The White House Speaks: Presidential Leadership as Persuasion

The White House Speaks: Presidential Leadership as Persuasion

The White House Speaks: Presidential Leadership as Persuasion

The White House Speaks: Presidential Leadership as Persuasion

Synopsis

This work treats presidential leadership as persuasive communication. The major theories of presidential leadership found in the literature establish the central role of persuasion, and introduce the interpretive systems approach to political communication as a theoretical framework for the study of presidential leadership as persuasion. Case studies examine recent presidents' use of public persuasion to perform their leadership functions. Particular attention is devoted to coalitional constraints on presidential pardoning rhetoric, presidential leadership through the politics of division, the political significance of conflicting political narratives, the sermonic nature of much 20th-century presidential discourse, the difficulties inherent in persuading the public to make sacrifices, and the dangers of relying too heavily on public rhetoric. The concluding chapter considers the rhetoric that contributed to the demise of the Bush presidency, the election of Bill Clinton, and the challenges facing the Clinton presidency.

Excerpt

This book takes Richard Neustadt's dictum that presidential power is the power to persuade and Jeffrey Tulis's description of The Rhetorical Presidency seriously enough to argue that we can profitably study presidential leadership rhetorically. Such a study requires exploration of the permeable boundaries between political science and communication studies. We argue that recent theories of presidential leadership have emphasized persuasion without studying it rhetorically, and that many studies of presidential rhetoric have failed to fully appreciate the political dynamics of the American presidency. We present our interpretive systems approach to persuasion and use it to analyze several important cases of presidential leadership. Our case studies have been selected for their theoretical significance, and our presentation of them purports to be neither chronological nor comprehensive. Many other cases might have been included, but they must wait for a different volume.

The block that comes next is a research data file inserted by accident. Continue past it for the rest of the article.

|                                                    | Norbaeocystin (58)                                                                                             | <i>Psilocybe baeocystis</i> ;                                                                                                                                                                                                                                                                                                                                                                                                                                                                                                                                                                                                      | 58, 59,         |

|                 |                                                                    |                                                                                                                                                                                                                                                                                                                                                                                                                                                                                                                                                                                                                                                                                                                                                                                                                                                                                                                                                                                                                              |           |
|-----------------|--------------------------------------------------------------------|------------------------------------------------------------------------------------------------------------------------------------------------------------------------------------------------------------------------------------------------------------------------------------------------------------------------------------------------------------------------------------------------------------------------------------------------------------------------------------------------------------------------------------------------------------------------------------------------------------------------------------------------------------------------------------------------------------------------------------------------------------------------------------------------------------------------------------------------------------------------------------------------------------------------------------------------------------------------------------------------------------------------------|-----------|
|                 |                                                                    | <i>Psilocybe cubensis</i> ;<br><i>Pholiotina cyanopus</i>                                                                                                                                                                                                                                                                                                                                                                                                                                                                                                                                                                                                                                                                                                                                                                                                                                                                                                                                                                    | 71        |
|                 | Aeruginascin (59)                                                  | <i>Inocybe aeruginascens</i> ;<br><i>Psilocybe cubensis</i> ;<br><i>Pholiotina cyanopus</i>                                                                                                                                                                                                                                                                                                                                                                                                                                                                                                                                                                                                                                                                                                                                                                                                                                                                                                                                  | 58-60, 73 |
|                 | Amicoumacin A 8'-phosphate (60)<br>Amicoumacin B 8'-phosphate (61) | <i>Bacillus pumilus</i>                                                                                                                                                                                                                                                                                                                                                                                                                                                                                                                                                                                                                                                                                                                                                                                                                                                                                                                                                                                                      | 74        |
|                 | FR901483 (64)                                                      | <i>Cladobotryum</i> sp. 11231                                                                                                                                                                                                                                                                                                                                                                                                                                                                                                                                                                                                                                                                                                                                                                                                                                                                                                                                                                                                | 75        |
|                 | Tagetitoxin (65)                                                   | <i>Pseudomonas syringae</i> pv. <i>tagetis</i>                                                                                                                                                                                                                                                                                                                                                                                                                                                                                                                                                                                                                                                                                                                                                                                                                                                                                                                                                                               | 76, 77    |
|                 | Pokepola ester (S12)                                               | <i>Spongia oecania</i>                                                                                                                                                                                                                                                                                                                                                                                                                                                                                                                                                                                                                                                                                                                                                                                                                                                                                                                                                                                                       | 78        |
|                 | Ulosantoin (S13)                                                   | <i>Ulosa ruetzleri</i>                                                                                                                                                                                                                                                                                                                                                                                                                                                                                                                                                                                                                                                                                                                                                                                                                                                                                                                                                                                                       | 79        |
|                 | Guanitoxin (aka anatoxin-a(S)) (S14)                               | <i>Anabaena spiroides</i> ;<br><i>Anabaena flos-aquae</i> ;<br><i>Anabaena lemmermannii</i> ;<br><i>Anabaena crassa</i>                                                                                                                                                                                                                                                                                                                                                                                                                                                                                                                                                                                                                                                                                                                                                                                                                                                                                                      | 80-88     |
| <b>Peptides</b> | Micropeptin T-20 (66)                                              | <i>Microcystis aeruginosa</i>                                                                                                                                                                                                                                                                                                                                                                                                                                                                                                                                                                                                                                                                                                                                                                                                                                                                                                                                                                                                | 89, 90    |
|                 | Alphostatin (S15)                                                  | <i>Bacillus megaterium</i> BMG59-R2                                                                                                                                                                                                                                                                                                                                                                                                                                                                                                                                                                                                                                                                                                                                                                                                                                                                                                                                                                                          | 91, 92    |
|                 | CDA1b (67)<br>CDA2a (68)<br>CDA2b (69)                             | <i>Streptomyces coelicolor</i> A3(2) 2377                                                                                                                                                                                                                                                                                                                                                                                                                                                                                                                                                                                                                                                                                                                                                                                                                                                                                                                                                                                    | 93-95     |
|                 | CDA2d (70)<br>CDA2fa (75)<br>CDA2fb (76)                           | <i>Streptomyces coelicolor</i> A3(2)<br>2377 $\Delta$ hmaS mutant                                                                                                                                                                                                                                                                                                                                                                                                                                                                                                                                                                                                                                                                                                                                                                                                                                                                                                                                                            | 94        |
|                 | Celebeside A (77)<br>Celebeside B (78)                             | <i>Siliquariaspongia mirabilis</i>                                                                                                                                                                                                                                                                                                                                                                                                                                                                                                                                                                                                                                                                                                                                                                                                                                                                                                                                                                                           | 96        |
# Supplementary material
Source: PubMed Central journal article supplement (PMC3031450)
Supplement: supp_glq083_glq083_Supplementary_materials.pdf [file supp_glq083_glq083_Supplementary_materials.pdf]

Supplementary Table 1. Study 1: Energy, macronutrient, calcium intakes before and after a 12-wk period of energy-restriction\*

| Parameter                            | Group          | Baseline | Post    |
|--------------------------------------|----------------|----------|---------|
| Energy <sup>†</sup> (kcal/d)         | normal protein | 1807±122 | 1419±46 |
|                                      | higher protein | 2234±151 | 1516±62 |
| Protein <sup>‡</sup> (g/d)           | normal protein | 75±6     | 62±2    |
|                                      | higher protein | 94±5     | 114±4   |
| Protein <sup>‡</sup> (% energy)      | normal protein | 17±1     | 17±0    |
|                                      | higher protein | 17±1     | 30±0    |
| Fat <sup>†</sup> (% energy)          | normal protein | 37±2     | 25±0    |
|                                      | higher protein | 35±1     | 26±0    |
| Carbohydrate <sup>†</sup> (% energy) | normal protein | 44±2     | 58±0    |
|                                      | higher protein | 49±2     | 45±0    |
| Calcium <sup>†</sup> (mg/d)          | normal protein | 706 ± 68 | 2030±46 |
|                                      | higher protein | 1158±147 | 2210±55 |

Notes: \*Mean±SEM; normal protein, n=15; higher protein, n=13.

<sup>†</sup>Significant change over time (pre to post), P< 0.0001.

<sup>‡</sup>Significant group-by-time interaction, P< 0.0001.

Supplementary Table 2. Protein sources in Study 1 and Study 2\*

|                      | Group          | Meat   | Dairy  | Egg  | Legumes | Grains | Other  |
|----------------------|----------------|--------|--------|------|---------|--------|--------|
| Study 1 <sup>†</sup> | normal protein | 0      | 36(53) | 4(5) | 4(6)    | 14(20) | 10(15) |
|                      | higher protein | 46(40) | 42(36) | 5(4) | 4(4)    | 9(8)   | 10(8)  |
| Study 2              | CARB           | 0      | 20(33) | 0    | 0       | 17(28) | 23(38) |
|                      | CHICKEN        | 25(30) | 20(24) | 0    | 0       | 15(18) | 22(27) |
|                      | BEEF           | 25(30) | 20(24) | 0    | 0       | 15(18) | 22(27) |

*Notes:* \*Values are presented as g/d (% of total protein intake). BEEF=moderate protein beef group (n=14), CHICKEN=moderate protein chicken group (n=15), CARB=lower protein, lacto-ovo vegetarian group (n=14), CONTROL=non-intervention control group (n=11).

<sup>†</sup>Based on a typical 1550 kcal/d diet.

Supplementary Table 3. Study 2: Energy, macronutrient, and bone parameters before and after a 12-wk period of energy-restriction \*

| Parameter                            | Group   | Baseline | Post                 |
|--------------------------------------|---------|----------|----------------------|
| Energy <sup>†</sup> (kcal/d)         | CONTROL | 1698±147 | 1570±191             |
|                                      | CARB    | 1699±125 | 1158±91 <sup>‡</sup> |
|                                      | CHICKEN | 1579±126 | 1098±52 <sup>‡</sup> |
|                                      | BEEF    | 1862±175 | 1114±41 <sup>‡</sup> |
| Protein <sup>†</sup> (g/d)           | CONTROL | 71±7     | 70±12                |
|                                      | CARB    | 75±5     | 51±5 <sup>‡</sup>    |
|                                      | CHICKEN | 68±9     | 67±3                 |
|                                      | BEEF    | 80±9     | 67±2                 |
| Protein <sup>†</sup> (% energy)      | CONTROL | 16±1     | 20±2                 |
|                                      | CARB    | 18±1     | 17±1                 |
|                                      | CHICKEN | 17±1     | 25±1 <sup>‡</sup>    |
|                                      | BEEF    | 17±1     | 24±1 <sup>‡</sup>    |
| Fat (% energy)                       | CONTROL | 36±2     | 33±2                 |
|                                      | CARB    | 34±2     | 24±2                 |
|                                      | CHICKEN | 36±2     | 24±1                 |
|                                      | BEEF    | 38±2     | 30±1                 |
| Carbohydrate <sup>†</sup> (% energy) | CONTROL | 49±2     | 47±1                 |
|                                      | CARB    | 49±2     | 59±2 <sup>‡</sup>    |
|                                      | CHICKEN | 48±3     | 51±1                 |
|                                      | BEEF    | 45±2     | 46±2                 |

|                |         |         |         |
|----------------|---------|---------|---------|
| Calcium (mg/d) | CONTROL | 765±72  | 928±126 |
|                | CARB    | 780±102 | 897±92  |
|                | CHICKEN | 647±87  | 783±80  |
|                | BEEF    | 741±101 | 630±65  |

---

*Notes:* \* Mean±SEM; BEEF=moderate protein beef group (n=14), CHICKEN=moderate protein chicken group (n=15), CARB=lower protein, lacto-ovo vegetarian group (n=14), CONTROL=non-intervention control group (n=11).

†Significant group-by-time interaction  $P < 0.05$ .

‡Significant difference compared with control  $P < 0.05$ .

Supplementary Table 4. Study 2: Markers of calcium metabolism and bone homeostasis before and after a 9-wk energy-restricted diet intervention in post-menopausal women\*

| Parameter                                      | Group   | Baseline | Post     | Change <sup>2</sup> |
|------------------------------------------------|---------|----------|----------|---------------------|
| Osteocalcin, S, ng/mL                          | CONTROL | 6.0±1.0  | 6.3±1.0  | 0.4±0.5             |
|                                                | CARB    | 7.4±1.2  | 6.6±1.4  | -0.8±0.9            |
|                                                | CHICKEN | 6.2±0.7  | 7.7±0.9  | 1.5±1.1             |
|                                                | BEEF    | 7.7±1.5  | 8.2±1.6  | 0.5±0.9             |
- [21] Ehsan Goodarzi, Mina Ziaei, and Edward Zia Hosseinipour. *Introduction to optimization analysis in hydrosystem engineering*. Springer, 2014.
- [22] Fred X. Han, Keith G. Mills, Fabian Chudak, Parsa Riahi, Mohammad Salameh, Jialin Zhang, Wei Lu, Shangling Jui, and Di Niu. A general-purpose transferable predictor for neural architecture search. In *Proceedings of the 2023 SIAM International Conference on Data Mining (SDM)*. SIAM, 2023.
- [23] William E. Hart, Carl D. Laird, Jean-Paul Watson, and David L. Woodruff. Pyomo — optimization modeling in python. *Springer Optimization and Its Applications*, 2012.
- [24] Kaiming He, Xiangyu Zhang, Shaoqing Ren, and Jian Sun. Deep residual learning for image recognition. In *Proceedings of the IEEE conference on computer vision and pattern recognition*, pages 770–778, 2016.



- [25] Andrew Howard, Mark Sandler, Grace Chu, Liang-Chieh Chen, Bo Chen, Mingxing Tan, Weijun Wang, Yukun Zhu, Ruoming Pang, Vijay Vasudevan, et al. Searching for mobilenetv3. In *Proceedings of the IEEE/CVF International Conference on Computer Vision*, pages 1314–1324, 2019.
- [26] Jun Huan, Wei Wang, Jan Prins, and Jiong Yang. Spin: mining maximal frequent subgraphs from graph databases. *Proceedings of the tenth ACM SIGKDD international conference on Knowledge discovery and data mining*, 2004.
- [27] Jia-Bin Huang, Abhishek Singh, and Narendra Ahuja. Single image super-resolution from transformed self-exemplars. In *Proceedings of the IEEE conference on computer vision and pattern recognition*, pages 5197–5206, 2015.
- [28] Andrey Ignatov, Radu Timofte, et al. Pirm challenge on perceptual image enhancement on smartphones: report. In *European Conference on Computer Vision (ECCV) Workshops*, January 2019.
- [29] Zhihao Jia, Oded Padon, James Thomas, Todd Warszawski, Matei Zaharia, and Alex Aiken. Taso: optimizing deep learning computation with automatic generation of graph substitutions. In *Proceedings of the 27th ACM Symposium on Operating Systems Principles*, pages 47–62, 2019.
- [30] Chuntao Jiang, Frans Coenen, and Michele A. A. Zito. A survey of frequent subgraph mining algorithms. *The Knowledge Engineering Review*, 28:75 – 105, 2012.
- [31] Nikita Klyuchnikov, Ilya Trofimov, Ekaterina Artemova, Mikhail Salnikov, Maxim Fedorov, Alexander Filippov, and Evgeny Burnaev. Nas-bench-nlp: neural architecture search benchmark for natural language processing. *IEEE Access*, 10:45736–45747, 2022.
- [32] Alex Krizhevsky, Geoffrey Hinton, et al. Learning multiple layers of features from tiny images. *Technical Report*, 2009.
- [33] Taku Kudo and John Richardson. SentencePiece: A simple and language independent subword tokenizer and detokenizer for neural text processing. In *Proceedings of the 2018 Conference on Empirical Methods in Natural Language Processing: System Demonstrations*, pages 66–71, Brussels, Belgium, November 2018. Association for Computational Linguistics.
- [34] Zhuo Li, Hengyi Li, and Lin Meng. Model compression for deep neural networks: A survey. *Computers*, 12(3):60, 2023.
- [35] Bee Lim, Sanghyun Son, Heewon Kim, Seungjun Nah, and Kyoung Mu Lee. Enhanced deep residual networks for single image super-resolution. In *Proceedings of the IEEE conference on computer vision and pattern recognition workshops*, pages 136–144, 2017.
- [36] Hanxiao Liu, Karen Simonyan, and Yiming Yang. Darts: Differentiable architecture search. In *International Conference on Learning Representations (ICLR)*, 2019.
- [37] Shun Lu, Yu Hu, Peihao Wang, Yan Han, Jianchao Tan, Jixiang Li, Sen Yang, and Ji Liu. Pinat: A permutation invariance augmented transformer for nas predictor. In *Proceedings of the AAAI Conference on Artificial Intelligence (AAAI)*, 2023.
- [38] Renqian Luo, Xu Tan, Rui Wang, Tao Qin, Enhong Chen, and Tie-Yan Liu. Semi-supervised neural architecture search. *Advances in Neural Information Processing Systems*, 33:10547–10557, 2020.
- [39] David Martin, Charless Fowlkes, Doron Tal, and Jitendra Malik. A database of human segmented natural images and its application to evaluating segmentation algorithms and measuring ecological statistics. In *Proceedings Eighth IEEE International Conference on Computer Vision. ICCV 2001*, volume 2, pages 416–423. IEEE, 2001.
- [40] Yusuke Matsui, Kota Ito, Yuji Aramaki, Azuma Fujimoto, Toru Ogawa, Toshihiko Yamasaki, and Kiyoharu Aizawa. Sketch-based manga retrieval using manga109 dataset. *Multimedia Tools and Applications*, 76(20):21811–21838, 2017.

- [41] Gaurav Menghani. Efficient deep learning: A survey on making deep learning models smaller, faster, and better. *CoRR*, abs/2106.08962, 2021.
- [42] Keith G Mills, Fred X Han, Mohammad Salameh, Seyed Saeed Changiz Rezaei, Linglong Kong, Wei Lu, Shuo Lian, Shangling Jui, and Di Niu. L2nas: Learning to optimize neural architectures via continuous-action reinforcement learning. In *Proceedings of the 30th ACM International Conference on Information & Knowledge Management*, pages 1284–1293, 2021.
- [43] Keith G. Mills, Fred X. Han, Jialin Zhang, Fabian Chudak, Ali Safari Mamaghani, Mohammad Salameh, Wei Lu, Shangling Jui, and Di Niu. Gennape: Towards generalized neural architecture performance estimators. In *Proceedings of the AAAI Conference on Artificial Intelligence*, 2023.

Two housekeeping matters deserve mention at the outset. First, our references to The Public Papers of the Presidents bracket the year of the speech instead of providing the copyright year in parentheses to minimize confusion. Second, we use masculine pronouns when referring to past presidents because all of them have been male, and we use gender-free references to those who might someday occupy the American presidency.

We wish to acknowledge Wake Forest University's generous support of this project with an R. J. Reynolds leave and grants from the Archie Fund, the Research and Publications Fund, and the Research . . .

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